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American Passages: A Literary SurveyUnit IndexAmerican Passages Home
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3. Utopian Promise   

7. Slavery and

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Activities: Author Activities

Frederick Douglass - Selected Archive Items

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[2534] Reuben Gilbert, Declaration of Anti-Slavery Convention Assembled in Philadelphia, December 4, 1833 (1833),
courtesy of the Library of Congress [Printed Ephemera Collection Portfolio 153, Folder 26].
The woodprint by R. S. Gilbert illustrates Psalm 91.13, "Thou shalt tread upon the lion and adder; the young lion and the dragon shalt thou trample under feet." Abolitionists used the Bible to emphasize the conflict between slavery and Christianity.

[2729] C. M. Battey, Hon. Frederick Douglass. Orator, Statesman, Emancipator [Photo Postcard] (n.d.),
courtesy of C. M. Battey Photograph Collection, Photograph and Prints Division, Schomburg Center for Research in Black Culture, The New York Public Library, Astor, Lenox and Tilden Foundations.
Photograph depicting Douglass as an elder statesman after the Civil War.

[3292] United States Constitution (1787),
courtesy of the U.S. National Archives & Records Administration.
Delegates met on May 14, 1787, to revise the Articles of Confederation, but instead created a new document, and a new government, one influenced by Greek democracy, the Roman Republic, and Native American (specifically Iroquois) forms of representation.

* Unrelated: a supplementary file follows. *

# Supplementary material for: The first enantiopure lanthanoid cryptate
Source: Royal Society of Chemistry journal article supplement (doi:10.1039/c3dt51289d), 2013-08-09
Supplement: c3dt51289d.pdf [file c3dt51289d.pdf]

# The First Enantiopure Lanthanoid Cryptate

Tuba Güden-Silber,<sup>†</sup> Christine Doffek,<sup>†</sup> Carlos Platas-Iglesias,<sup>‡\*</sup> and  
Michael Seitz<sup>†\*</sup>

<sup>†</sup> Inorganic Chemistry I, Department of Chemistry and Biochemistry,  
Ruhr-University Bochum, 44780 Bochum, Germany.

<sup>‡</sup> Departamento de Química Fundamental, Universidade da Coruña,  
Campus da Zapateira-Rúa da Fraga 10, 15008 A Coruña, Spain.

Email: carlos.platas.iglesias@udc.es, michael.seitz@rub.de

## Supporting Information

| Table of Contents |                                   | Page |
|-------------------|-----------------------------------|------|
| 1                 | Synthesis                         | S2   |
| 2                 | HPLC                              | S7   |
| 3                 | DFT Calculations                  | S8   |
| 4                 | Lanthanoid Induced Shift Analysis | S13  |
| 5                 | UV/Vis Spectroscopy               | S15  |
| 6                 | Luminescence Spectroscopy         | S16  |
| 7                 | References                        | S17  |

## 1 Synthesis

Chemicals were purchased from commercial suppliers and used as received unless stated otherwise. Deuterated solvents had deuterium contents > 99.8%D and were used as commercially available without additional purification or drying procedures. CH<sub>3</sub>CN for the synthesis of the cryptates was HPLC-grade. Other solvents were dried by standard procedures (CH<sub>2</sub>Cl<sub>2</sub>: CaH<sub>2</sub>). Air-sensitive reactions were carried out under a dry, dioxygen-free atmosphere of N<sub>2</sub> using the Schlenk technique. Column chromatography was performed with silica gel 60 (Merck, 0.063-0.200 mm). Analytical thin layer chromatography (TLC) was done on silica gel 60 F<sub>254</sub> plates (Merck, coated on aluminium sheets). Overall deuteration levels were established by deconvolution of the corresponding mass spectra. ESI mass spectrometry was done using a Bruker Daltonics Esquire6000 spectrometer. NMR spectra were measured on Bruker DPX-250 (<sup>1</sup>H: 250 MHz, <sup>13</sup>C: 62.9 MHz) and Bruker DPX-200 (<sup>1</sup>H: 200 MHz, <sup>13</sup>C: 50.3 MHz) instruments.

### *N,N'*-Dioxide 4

[3482] William Lloyd Garrison and Isaac Knapp, eds., The Liberator (May 21, 1831),
courtesy of the Library of Congress, Rare Books and Special Collections Division.
The Liberator, launched in 1831, called slavery a crime that should be ended immediately without compensation. Such radical abolitionism became identified with the paper's editor, William Lloyd Garrison.

[3538] Caleb Bingham, The Columbian Orator... Calculated to Improve Youth and Others in the Ornamental and Useful Art of Eloquence (1811),
courtesy of the University of North Carolina at Chapel Hill Libraries.
Frederick Douglass highlights Bingham's primer The Columbian Orator in describing his liberation through literacy. "Columbian" implies a distinctly American mode of rhetoric.

[3570] Anonymous, Mrs. Auld Teaching Him to Read (1892),
courtesy of the University of North Carolina at Chapel Hill Libraries.
This illustration from The Life and Times of Frederick Douglass, Written by Himself, depicts the northern wife of Douglass's owner introducing Douglass to reading.

[5150] J. Sartain, from a painting by M. C. Torrey, William Lloyd Garrison (n.d.),
courtesy of the National Parks Service, Frederick Douglass National Historical Site.
Garrison helped found the American Anti-Slavery Society, supported immediate emancipation and the Underground Railroad, and sponsored Frederick Douglass.

[6831] Frederick Douglass and Martin Delany, The North Star [banner] (1848),
courtesy of the Library of Congress, Serial and Government Publications Division.
The North Star was an abolitionist newspaper published by prominent black intellectuals Douglass and Delany in Rochester, New York. Its name symbolized a guiding light to freedom; escaping southern slaves used the North Star to find their way to the free states or to Canada.

[7220] Frederick Douglass IV, "Reading from the Narrative: Detesting My Enslavers Through the Power of Learning to Read" (2001),
courtesy of Annenberg Media.
Frederick Douglass IV is the great-great grandson of Frederick Douglass.

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